Book Reports

“D”s Dominated

duncan 2

First, DUNCAN DORFMAN – Meg Wolitzer’s engaging, “The Fingertips of Duncan Dorfman” transported us into the world of competitive Scrabble.  A member of our family plays competitive chess (a US Chess Federation “National Master” – we are kind of proud), so my son is familiar with the concept of board game competition.  The book mentions scrabble tiles and racks over and over, so I brought some tiles and racks for my son to see, touch, try out (regretfully, NO interest).  My son actually does like filling out book reports, and I was happy to see that he picked up on the main themes of this well structured book (ethics, friendship, the roller-coaster emotions of competition).  

doolittle illustration

Then, DR. DOOLITTLE – My son and I are nearly through Hugh Lofting’s timeless adventure, “The Voyages of Dr. Doolittle”.  Here is what we think:  the pleasures of reading this book double when it is read out loud, allowing reader and listener to savor the poetic preposterousness of Lofting’s relentless imagination – delicious names and places like Popsipetel, Bag-Jagderag, Jip, Dab-Dab, Wiff-Waff, Don Ricky-Ticky.  One more thing – the copy we are reading (a 2012 printing) includes spectacular vintage-style illustrations by Scott McKowen.

indian contributions book

Then, DUCK DECOYS – “Encyclopedia of American Indian Contributions to the World”, complied by Emory Sea Keoke and Kay Marie Porterfield – a well edited resource we looked forward to opening every night.  A better mom would have read aloud every single entry, but alas, my son had to settle for learning about one topic from each letter of the alphabet.  Adobe, balls, canoes, duck decoys, earache treatments (well, that was gross), fringed clothing, gourds, hominy (I really built this one up with the hope of my son giving hominy a try – GIANT CORN ARE YOU KIDDING????  Who wants to sample some WAY FUN GIANT CORN??? Alas, no luck.  I have no influence.), igloos, jicama, kayaks, lacrosse, maple syrup, nasturtiums, observatories, popcorn, quipus, rafts, salsa, tipis, umbrellas, vanilla, wampum, yams (we skipped X and Z).  

lattice pie

Then, DESSERTS AT THE DINER (a story problem)During summer months, Miss Michelle (famed pastry chef at the diner) bakes pies every morning:  4 apple pies, 2 apricot lattice (vocab) pies, 2 peach pies, 2 cherry lattice pies, 1 blueberry pie, 1 blackberry pie, 1 rhubarb pie, and 2 lemon meringue pies.  Each pie gets sliced into 6 servings.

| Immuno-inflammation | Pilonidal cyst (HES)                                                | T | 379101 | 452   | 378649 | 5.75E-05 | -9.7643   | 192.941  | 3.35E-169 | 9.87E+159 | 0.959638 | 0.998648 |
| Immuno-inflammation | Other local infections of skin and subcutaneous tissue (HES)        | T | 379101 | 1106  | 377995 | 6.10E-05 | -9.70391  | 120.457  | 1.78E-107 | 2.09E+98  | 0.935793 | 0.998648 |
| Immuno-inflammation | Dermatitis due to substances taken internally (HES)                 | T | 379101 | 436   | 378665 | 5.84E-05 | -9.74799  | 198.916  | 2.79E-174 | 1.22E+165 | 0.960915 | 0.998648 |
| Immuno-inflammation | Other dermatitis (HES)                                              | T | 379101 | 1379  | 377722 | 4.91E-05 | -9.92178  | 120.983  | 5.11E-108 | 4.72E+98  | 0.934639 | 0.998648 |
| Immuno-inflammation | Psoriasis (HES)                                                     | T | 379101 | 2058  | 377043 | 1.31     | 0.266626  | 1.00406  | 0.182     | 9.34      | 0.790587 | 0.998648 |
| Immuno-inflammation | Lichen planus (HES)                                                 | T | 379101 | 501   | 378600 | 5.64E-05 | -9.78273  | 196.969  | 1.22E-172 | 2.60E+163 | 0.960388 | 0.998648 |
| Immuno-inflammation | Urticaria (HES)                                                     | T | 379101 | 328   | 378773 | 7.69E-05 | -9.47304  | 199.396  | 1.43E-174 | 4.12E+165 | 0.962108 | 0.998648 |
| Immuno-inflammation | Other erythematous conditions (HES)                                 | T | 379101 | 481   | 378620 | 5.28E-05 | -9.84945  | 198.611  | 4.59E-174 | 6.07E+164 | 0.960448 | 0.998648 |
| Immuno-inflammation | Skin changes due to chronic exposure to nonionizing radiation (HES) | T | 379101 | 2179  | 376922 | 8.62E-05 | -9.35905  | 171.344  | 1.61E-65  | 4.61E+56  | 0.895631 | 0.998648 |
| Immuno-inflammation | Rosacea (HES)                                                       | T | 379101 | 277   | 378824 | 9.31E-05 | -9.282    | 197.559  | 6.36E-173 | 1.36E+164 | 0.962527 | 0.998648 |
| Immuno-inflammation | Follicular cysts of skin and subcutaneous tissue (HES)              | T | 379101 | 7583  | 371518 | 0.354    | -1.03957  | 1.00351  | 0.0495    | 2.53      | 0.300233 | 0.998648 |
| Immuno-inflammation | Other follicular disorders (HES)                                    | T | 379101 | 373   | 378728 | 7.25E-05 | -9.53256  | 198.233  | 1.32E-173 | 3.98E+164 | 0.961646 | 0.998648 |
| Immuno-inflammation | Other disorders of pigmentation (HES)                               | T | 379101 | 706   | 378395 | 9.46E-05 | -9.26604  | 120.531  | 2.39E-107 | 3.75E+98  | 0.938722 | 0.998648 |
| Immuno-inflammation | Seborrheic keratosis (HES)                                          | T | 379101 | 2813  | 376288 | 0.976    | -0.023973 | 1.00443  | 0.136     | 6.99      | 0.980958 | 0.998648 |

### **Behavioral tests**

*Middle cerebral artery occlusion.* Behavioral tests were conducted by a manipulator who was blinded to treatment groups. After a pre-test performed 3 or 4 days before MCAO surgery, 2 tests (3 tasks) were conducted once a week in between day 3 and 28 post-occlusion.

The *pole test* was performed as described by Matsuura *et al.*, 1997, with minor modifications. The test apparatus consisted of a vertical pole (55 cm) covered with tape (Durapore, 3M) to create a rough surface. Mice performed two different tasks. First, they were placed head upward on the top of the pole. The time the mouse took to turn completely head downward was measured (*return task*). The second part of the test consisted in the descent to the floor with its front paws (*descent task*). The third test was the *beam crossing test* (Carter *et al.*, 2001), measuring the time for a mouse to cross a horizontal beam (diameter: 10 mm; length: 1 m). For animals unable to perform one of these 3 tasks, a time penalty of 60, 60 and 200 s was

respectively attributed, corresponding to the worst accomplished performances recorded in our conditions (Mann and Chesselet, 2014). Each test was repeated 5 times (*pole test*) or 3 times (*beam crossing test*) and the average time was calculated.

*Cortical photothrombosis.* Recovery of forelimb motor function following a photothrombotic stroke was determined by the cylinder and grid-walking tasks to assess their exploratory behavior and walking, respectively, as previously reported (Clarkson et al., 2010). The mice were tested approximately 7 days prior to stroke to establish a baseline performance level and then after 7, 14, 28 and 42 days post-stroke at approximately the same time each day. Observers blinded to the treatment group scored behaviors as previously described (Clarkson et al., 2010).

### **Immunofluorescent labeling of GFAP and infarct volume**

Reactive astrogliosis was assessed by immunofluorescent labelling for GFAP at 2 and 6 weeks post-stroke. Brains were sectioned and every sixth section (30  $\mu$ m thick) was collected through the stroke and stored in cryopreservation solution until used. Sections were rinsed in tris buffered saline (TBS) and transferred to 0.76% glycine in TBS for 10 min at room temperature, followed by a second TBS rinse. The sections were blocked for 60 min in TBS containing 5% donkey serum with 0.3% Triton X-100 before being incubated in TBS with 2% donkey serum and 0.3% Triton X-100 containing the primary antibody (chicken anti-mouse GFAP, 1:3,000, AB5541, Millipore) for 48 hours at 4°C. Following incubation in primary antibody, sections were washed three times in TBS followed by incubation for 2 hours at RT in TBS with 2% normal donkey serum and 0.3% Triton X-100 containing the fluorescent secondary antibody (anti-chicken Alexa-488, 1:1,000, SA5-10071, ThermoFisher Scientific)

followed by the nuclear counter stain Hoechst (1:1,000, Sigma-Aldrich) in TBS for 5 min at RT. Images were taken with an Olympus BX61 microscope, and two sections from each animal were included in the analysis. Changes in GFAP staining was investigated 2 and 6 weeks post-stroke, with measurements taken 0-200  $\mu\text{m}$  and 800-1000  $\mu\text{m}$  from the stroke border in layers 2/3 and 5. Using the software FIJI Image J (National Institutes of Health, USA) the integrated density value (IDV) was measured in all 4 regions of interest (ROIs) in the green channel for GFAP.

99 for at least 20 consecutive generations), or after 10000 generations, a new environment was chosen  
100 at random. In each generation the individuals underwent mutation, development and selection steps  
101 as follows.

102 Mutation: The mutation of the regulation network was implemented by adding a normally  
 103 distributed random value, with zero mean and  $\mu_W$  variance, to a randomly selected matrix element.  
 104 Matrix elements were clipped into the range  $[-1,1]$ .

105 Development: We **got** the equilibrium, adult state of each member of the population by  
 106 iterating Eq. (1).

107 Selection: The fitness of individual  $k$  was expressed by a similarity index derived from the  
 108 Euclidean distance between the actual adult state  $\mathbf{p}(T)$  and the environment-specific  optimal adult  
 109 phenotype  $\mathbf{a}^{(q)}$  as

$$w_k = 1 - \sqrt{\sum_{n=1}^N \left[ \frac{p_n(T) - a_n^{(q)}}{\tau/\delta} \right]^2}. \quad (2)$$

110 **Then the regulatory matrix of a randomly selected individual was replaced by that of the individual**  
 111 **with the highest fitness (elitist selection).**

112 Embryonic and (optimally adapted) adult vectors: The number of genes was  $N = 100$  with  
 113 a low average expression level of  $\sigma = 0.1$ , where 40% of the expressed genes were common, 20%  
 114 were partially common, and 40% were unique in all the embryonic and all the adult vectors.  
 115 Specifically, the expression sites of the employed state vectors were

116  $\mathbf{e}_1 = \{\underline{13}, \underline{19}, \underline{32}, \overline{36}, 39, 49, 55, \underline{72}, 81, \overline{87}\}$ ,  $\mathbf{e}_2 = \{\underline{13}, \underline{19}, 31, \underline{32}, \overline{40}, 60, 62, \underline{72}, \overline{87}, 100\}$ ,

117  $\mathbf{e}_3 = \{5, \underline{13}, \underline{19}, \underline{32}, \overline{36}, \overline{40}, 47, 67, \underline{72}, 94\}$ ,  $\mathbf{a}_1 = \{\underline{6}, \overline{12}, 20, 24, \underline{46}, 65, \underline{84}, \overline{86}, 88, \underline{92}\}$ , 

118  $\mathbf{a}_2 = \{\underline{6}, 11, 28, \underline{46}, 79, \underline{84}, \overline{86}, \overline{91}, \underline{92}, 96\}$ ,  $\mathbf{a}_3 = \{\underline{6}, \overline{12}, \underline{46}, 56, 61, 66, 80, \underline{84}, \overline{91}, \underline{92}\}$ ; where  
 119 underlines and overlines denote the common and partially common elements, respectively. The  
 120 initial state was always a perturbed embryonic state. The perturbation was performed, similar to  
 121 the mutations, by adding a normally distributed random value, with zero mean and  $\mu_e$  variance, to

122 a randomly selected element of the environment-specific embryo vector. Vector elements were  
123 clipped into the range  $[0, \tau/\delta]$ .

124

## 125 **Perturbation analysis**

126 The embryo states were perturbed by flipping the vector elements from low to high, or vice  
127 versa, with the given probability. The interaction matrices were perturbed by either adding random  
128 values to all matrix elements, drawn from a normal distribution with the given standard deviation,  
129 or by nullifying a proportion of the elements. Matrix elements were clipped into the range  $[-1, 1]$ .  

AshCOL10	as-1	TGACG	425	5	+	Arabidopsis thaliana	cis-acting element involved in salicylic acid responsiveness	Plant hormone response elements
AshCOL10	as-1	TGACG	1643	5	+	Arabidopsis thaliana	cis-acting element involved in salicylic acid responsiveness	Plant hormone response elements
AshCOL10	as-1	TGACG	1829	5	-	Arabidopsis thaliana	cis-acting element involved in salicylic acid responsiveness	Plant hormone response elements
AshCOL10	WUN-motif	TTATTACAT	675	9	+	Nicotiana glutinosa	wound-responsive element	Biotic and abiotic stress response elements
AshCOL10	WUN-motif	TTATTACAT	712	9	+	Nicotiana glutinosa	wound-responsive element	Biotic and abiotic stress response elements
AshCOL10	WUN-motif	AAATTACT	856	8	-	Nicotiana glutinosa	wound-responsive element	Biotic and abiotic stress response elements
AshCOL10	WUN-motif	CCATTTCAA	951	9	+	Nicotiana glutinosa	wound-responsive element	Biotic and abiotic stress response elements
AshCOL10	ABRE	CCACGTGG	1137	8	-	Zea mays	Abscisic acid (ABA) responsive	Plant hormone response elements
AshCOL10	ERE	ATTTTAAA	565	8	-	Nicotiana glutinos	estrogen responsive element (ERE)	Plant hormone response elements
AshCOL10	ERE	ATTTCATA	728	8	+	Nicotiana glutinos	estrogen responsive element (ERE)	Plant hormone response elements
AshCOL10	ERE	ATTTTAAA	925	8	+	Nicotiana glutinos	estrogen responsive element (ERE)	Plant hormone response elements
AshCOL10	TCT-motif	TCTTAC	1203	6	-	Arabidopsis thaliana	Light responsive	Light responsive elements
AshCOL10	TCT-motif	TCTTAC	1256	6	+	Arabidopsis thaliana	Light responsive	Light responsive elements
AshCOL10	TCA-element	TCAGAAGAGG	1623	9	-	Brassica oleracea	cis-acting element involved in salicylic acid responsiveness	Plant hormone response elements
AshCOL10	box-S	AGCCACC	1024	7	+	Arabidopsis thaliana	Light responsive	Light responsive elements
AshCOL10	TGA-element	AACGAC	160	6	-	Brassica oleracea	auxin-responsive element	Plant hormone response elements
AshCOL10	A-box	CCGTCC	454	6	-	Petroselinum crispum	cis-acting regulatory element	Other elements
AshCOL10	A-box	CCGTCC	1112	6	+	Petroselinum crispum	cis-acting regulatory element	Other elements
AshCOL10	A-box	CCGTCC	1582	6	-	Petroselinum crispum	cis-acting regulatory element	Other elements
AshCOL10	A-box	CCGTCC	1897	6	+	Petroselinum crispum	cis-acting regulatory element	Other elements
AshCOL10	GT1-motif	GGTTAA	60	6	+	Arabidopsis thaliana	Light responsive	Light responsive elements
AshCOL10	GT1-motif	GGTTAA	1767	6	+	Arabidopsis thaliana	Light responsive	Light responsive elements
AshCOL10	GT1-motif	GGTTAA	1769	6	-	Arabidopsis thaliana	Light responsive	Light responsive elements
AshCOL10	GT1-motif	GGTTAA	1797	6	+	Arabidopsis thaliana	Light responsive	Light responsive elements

• If a tour bus with 80 passengers stops at the diner for lunch, would all passengers be able to enjoy a serving of pie?
  • How many pie crusts does famed pastry chef, Miss Michelle, roll out every week?
  • It takes 1 hour to bake a pie.  The diner has 3 ovens and each oven can accommodate 4 pies at a time.  How many hours does famed pastry chef, Miss Michelle, need to bake every pie? (answers at bottom of post)

dvorak portrait

Finally, DVOŘÁK DAZZLED –  on the classical music front, it was Antonín Dvořák week at the STORIES AND STUDIES CENTER (my son’s bedroom):

  • Slavonic Dance No. 1 in C major, composed around 1880.  This is one of our favorites and it gets the performance it deserves by the Vienna Philharmonic.  Side notes:  1)  As per usual, conductor Seiji Ozawa’s hair is too wild to be ignored – we should all be so confident.  2)  If you look closely, you will actually see a woman in the orchestra (back row,  violin section).  This video footage was posted in 2008 (so I don’t know when it was filmed) and I am sure the orchestra is trying to be more with the times, BUT REALLY.

  • Humoresque No. 7, composed in 1894 – we love the way YoYo Ma, Itzhak Perlman, and conductor Ozawa transform this carefree little piece into a heartbreaker.

  • Song to the Moon, from the opera, “Rusalka”, premier performance in 1901.  Soprano Susan Karinski and the US Navy Band deliver an exquisite performance.  ATTENTION EVERYBODY:  Susan Karinski.  Whoa.  

Welcome to the best part of my day!
– Jane BH
(story problem answers:  yes, 105 pie crusts, 2 hours)

Finishing Touches

Finished:   Lonely Planet’s “The Cities Book”, AKA “The Seven and a Half Pound Book that is also a Weapon”.   Our plan was to tackle two cities a night and we did!  We ended up taking 200 trips around our globe and it was sort of exhilarating to find every single location.

globe and book

A few final observations:

  • really old cities:  
    • Lisbon – since 1,000 BC
    • both Mecca and Jerusalem – since 2,000 BC 
    • Nicosia – since 2,500 BC
    • Dubai – since 3,000 BC
    • Amman – since 3,500 BC 
    • Shanghai – since 3,900 BC
  • altitude sickness possibility:  Lhasa/Tibet, Santa Fe/New Mexico, Cuzco/Peru
  • city built upon coral:  Male, Maldives
  • cities really close to active volcanoes:  Kagoshima/Japan and Arequipa/Peru
  • world’s steepest residential street:  Baldwin Street (with a 35% grade), Dunedin, New Zealand.  (yes, we compared it to San Francisco’s Lombard Street; sorry, only a 27% grade)